Spectrum Publishing, February 2000, 3.99, 160pp
ISSN 1468-3903

The first issue of this brand new magazine from Aberdeen looks beautiful. A slim paperback volume, milk-white cover with only the title and number, contributors' names and a narrow strip of beautifully reproduced colour (the visible spectrum, naturellement). It's a refreshing change from the not-so-subtle artwork of so many sf magazines - Interzone not excepted!
But does the content match the style?

I suppose it doesn't hurt getting a big name like Keith Roberts to open the first issue with "part one of a brilliant new Kiteworld novel" (unread by me, but not for long if Drek Yarman is anything to go by).

Nor can it hurt getting the lovely Keith Brooke and Eric Brown to contribute a story about telepaths and runaways in a dystopian high-rise city. Mind's Eye, is a short wee shocker about whose setting I'd like to hear more...

And what harm in having Garry Kilworth to contribute an amusing but cautionary tale of genetic tampering and ex-girlfriends? I haven't always enjoyed Kilworth's work previously, but Bonsai Tiger has redeemed him somewhat in my eyes.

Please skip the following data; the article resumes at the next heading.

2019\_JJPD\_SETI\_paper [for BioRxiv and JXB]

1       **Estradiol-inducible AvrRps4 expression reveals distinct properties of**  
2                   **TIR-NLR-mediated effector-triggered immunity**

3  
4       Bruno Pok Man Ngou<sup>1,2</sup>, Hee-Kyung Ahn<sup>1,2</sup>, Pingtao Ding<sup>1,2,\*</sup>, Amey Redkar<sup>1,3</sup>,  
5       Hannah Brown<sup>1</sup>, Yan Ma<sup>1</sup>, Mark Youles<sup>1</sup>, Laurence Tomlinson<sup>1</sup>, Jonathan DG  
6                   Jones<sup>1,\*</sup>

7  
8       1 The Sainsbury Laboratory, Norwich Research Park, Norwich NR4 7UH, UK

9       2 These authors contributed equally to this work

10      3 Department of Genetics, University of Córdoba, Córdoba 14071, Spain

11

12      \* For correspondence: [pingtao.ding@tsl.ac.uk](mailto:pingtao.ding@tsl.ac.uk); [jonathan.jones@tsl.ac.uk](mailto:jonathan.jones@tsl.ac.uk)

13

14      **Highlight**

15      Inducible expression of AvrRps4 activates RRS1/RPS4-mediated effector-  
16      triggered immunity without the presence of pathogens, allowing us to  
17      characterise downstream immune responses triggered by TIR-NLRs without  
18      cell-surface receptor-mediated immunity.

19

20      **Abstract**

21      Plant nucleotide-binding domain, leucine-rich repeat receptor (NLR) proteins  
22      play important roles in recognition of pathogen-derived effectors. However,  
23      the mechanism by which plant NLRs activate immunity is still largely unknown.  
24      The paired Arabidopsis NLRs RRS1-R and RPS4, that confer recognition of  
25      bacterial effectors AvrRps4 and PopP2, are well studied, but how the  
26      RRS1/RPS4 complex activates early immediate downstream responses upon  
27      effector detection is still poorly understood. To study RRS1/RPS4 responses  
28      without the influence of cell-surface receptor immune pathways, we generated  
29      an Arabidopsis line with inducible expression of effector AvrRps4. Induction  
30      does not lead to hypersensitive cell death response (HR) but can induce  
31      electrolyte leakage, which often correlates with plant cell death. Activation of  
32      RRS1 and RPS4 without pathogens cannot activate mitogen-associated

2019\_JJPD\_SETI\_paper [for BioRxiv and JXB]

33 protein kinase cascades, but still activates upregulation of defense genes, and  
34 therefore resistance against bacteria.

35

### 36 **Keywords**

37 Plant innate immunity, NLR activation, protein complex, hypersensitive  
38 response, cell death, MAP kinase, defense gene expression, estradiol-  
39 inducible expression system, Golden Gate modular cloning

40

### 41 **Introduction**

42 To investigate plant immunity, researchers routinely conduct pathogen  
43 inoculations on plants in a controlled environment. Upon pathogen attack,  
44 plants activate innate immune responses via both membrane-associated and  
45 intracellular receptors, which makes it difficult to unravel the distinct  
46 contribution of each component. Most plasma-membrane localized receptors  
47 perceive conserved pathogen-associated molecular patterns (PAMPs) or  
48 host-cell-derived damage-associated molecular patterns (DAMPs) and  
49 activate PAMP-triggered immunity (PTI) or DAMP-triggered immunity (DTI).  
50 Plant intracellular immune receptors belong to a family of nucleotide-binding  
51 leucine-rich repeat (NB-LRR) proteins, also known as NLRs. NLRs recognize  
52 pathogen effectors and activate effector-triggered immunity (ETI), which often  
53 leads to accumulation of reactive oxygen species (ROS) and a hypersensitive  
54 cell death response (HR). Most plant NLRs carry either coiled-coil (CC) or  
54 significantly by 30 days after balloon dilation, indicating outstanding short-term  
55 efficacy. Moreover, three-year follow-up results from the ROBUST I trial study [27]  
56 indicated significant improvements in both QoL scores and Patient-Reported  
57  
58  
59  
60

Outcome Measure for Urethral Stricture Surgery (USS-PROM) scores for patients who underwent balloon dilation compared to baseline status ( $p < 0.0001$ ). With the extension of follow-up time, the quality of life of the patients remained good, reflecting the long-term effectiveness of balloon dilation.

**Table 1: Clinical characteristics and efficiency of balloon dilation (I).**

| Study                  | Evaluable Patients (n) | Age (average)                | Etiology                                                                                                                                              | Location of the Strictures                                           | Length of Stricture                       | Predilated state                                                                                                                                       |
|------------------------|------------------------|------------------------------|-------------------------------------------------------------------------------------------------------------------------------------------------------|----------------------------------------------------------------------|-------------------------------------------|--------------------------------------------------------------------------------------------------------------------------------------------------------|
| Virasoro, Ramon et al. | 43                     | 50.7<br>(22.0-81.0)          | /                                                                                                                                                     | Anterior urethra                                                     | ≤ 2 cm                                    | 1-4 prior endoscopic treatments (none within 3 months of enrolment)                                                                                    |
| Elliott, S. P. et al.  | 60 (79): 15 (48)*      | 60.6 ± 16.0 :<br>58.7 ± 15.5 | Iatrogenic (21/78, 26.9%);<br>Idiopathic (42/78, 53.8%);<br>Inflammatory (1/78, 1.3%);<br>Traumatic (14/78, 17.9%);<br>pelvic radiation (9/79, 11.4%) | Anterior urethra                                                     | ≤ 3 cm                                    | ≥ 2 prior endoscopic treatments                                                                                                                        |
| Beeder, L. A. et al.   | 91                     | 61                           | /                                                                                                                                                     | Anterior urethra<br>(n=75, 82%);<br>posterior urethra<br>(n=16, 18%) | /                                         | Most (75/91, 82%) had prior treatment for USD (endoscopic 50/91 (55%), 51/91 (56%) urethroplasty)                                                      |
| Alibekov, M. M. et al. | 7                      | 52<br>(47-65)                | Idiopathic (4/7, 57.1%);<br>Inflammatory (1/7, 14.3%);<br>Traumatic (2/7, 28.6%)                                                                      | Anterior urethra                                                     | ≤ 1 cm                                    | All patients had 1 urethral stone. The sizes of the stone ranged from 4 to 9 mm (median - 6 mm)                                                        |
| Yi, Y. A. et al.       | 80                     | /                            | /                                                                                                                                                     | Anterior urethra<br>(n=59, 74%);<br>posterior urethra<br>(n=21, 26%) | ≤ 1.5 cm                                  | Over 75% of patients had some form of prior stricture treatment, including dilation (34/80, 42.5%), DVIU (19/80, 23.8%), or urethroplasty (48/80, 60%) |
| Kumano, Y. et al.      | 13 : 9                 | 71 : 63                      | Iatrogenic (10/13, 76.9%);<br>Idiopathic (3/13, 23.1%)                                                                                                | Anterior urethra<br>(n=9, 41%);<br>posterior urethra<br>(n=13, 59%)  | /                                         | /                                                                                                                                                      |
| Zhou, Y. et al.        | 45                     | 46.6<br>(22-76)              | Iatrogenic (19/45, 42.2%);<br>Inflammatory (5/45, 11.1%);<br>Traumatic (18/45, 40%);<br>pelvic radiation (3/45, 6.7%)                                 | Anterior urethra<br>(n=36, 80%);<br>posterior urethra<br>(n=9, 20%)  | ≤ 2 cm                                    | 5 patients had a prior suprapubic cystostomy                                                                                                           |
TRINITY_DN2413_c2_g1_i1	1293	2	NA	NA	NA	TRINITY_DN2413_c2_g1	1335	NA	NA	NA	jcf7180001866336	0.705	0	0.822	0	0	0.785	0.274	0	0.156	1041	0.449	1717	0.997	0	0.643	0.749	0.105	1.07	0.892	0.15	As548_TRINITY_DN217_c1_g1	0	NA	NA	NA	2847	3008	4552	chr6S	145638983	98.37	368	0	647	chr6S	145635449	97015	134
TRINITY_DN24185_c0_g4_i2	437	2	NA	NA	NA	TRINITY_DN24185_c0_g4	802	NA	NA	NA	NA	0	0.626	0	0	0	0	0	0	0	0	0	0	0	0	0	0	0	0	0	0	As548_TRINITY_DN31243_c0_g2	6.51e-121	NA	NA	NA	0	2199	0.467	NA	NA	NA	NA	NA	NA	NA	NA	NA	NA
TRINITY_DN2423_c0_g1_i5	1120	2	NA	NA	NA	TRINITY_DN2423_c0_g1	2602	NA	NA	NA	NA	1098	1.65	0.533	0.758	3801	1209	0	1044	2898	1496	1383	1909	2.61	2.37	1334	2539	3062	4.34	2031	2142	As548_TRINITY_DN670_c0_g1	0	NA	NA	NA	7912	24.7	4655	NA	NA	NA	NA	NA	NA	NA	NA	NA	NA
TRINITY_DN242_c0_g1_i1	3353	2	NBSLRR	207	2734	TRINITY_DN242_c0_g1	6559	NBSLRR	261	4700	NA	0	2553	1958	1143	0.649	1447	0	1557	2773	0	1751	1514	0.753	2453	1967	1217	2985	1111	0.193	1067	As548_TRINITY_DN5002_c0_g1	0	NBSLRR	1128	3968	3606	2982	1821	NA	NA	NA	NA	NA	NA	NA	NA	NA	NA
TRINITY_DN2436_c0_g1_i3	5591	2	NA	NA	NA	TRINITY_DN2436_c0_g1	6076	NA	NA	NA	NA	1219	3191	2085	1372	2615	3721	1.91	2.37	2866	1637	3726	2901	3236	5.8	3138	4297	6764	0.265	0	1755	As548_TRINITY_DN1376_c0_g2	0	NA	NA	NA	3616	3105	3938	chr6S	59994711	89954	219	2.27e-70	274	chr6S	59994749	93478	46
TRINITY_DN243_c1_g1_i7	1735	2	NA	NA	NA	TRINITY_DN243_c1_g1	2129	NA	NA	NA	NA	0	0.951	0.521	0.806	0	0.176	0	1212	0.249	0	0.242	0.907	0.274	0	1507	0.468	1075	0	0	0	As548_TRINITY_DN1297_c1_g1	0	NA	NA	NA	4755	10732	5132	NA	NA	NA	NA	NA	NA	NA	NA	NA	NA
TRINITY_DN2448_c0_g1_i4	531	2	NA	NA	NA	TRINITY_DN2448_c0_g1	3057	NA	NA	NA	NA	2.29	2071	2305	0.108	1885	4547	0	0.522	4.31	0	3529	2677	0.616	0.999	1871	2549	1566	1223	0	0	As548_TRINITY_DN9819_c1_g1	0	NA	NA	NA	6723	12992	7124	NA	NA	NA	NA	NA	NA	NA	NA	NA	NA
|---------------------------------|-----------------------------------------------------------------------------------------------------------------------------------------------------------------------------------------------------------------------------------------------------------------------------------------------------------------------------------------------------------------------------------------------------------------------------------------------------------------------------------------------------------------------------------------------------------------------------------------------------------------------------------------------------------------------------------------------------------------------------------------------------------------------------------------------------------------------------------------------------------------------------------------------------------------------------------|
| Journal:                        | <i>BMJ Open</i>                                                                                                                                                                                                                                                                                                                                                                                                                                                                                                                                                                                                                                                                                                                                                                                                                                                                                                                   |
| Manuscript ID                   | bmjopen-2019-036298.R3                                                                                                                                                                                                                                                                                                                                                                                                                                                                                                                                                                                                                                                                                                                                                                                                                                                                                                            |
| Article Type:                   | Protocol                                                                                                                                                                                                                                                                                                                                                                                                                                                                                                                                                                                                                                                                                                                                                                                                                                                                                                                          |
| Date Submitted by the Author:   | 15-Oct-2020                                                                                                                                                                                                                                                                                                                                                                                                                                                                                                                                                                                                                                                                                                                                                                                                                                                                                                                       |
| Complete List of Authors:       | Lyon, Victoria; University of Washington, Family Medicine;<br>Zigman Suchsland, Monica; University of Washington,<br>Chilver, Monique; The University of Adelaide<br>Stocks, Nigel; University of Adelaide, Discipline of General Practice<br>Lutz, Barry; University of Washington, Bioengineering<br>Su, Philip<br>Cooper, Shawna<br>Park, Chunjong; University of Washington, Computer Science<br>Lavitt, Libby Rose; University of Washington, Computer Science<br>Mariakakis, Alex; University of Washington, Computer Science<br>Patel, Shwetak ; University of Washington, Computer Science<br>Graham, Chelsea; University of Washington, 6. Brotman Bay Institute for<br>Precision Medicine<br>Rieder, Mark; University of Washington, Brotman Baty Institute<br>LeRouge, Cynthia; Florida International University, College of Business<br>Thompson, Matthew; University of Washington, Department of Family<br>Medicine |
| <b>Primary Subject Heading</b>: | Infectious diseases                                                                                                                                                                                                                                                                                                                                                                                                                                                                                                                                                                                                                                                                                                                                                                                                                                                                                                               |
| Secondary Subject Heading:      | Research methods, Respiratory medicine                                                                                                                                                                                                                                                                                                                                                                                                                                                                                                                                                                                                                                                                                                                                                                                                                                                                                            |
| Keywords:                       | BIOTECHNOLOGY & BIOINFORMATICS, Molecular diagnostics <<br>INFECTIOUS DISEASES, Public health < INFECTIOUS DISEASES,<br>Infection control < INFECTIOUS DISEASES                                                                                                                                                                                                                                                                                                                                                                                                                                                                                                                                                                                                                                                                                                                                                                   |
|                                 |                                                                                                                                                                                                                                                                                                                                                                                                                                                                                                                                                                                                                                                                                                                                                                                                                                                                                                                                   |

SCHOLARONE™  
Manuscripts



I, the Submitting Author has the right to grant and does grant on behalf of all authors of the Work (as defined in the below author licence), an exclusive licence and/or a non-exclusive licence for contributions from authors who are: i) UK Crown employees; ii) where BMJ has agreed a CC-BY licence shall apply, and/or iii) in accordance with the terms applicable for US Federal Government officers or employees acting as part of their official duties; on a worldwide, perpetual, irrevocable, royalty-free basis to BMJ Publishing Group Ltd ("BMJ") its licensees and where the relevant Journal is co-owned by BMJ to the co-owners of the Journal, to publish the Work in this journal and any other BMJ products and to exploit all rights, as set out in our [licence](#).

And of course there should always be some lesser-known talent in any proper magazine, and I do believe there's just the thing here - I haven't heard of either Alastair Reynolds or Charles Stross (sorry, gentlemen) but I hope it's some consolation that Great Wall of Mars and Bear Trap are to my mind both top-flight examples of what the broadsheets are still calling cyberpunk but which isn't. Not really. Quite contradictory in their respective tones both stories wouldn't have seemed at all out of place in far older and better-established magazines, none of the stories here would.

So does Spectrum put a foot wrong anywhere?

Well, there's not much else in it (which to be honest is hardly a valid criticism, since not much else would fit), but if you like your sf hard but human, from a handful of mostly well-known and mostly fine writers - and I certainly do - then you need to get a subscription off to the fine people at Spectrum Publishing as soon as possible.

Spectrum #1 is really very good indeed. Let's hope Spectrum #2 continues this fine tradition!